The British Army has launched the Autonomous Warrior (Land) experiment at the RUSI Land Warfare conference.

Autonomous Warrior, the 2018 Army Warfighting Experiment, will push the boundaries of technology and military capability in the land environment.

And one of the key areas it is set to test is the autonomous last mile resupply say the MoD. The ‘last mile’, which represents the extremely dangerous final approach to the combat zone, is crucial to ensuring soldiers have the food, fuel and ammunition to keep them alive.

“Autonomous Warrior will test a range of prototype unmanned aerial and ground cargo vehicles which aim to reduce the danger to troops during combat. The British Army is set to launch the four-week exercise on November 12, with a Battlegroup from 1 Armed Infantry brigade providing the exercising troops and taking responsibility of command and control.

British soldiers will test and evaluate the effectiveness of robotic and autonomous systems (RAS) on the battlefield. These technological advances will play a key role in the Army’s Strike capability, ensuring our forces remain unmatched on the global stage.”

Defence Minister Mark Lancaster said:

“Our Armed Forces continue to push the limits of innovative warfare to ensure that we stay ahead of any adversaries or threats faced on the battlefield.

Autonomous Warrior sets an ambitious vision for Army operations in the 21st Century as we integrate drones, unmanned vehicles and personnel into a world-class force for decades to come.”

As well as demonstrating the vehicles during the last mile, Autonomous Warrior will also develop capabilities in surveillance which will greatly improve the effectiveness of long-range and precision targeting by service personnel.

The exercise is the result of a large collaboration between the British Army, Royal Navy, Royal Air Force, US Army, MOD, Dstl and around 50 industry participants.

 

8 COMMENTS

  1. If an UGV is not as imaginative as an human in finding ways to get the fuel, ammo and supplies that last mile, then the savings in lives of support troops will be matched by losses of frontline troops when they get over-run due to running out of essentials.

  2. Unmanned planes, ships and underwatercraft are the future. However outside of perhaps small fire support vehchles operated by infantry to enable their firepower, until they can make a robot that can breach and clear a house ground UVs aren’t viable in my opinion. Lack of situational awareness, supply issues, inability to remove itself when stuck and frankly little cost benefit, technology has to SIGNIFICANTLY improve for them to be viable.

    All in my opinion of course.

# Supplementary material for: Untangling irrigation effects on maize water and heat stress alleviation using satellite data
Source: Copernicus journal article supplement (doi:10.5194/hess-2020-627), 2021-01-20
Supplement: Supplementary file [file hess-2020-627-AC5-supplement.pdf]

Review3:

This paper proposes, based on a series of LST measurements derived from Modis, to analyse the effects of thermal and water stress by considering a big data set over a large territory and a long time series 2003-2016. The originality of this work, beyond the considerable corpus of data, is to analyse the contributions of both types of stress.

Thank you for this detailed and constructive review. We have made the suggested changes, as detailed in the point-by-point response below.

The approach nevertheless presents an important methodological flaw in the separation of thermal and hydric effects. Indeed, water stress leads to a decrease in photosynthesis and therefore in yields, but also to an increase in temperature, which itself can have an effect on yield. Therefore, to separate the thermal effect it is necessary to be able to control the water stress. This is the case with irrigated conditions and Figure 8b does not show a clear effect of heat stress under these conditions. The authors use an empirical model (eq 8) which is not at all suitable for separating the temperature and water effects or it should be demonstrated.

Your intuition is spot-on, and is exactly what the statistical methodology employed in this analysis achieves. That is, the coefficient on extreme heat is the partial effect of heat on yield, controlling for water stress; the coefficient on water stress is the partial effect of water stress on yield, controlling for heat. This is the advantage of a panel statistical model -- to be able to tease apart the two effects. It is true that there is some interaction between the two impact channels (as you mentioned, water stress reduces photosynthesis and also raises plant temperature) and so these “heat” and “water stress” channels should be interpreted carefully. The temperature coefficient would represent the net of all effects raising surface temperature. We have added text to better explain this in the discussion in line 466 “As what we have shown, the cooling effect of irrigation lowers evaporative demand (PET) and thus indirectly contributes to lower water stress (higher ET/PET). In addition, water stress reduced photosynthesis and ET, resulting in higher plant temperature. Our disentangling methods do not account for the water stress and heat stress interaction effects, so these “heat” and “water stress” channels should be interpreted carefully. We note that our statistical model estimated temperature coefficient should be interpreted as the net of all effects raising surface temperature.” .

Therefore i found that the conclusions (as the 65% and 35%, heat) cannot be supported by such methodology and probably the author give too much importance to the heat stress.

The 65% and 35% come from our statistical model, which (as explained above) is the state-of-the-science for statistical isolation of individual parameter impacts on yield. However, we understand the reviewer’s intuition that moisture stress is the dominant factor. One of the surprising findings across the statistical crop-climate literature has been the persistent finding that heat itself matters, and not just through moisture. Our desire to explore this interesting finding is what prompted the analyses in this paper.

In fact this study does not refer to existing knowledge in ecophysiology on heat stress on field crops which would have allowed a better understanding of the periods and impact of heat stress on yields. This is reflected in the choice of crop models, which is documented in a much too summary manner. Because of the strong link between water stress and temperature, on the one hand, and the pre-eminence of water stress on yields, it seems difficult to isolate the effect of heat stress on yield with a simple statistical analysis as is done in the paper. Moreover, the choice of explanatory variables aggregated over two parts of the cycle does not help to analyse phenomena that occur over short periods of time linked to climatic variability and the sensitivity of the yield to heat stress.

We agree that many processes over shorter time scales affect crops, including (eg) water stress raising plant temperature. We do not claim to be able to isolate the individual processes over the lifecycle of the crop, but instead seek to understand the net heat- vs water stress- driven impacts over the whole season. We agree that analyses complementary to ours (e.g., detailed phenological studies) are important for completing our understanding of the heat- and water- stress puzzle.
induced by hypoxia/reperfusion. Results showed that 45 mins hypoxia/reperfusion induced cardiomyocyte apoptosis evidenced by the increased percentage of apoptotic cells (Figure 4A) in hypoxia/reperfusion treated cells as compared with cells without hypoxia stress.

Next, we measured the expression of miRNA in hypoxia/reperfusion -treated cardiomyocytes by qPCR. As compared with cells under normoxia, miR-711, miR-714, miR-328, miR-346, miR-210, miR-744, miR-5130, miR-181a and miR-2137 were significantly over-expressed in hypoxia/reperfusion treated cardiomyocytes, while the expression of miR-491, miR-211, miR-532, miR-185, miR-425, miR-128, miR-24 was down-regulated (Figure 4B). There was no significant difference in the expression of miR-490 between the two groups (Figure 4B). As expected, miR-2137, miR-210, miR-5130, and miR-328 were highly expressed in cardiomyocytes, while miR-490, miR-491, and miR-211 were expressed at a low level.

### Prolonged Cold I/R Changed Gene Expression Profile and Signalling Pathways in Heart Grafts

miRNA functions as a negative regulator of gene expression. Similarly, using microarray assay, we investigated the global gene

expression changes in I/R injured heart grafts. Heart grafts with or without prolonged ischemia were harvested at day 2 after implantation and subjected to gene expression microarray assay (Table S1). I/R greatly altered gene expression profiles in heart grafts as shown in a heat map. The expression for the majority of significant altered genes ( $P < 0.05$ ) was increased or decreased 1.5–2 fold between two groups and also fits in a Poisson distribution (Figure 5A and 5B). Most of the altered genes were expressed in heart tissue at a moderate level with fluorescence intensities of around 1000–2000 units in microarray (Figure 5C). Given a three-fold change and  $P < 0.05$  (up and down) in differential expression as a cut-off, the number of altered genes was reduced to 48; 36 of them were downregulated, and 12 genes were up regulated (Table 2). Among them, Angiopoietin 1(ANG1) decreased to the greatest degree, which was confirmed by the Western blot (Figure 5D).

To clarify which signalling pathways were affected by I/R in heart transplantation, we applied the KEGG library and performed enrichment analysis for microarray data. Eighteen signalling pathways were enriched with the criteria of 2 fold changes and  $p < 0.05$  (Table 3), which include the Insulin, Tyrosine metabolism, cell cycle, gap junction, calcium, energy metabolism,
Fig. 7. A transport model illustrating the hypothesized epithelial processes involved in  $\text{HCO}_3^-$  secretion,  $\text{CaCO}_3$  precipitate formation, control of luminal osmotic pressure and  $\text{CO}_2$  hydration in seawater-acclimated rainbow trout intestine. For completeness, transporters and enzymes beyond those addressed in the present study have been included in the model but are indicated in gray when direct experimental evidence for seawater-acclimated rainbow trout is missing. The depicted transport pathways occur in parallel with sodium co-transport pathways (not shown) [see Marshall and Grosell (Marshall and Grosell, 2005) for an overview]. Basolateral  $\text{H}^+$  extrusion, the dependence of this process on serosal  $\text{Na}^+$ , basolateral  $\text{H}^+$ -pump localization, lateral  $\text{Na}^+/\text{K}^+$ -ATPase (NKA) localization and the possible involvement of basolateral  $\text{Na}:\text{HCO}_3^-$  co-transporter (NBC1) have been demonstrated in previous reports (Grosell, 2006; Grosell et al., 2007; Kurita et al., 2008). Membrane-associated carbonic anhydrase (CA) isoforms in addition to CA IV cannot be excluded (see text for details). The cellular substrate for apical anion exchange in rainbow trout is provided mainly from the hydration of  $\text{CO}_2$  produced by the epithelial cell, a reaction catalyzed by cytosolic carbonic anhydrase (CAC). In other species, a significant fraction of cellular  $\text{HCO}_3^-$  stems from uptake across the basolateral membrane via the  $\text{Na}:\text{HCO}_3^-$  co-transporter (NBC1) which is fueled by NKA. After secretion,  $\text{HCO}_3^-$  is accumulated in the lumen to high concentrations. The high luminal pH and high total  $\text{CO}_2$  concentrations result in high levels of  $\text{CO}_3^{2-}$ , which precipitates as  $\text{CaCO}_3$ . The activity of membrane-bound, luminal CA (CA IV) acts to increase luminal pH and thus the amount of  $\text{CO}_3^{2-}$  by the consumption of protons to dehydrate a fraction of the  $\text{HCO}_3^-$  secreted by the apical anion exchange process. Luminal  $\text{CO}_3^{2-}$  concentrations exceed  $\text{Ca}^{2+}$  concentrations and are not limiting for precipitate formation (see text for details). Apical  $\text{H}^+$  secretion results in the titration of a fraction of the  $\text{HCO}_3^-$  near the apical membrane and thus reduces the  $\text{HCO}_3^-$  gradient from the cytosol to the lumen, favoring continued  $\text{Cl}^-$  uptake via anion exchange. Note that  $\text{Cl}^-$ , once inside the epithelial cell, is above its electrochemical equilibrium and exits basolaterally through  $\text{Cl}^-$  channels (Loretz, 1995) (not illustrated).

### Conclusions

• Certainly nothing meeting your house clearance specs yet but you might check out the latest robotic capabilities from Boston Dynamics such as Atlas and Spot on Youtube. Honda’s Asimo doesn’t seem to have the mobility of the BD robots but is quite advanced in dexterity. I could see a combination of the two tackling bomb, IED and mine disposal. UGVs certainly could provide unmanned load, transit and unload capabilities over extremely tough terrain.

      • Yeah, I saw those videos, scary stuff. Interesting how fast technology is advancing. And yeah, stuff like that is where we should be concentrating. Unmanned weapon systems used by the platoon level and small UV that can carry a units extra supplies, something that would also reduce the increasing weight burden on soldiers.

  3. Given the scale of warfare in terms of human resources, the fact that a guy or two guys will drive a supply vehicle the last mile to the firing positions, surely does not really give any advantage. Versus the possibility that the automated version may be hacked and diverted/stopped etc. Either unit could be destroyed by enemy action (or friendly action). Slim margins only. In addition, who is going to have to unload the ammo/supplies at the destination anyway? An automated vehicle does not come with arms and legs for that element.

    • Check out the Boston Dynamics humanoid robot Atlas on Youtube for your automated loading and unloading. The the latest six foot tall version can run, jump, do backflips and yes lift and move loads. I’m not saying its ready for prime time or necessarily ever going to be suitable but its a lot closer to being so than I suspect many unfamiliar with it understand. And it doesn’t of course have to be humanoid. Their Spot version (think large dog size) could be fitted out for cargo handling. Both Spot and Atlas can tackle rough and uneven surfaces, hills, stairs etc. Imagine the utility of something like Spot or a larger variant carrying extra supplies up mountain trails in Afghanistan freeing up troops from 120lb loads. Energy/endurance are clearly still challenges which would probably hold back actual use for a while yet though.

      • everyone’s seen atlas. it’s wank. can it piss in the sink and bang fat girls on a Thursday night, get up drunk and smash out an 8miler? if not, it won’t be accepted

  4. During the 1930s the French developed the concept of using Renault UEs to deliver supplies to front line troops- unloading was done using a tip up trailer which could be operated by the crew within the vehicle, pallatisation meant that the receiving troops only had to open the supplies when under cover- a similar solution could be used with UGV supply vehicles

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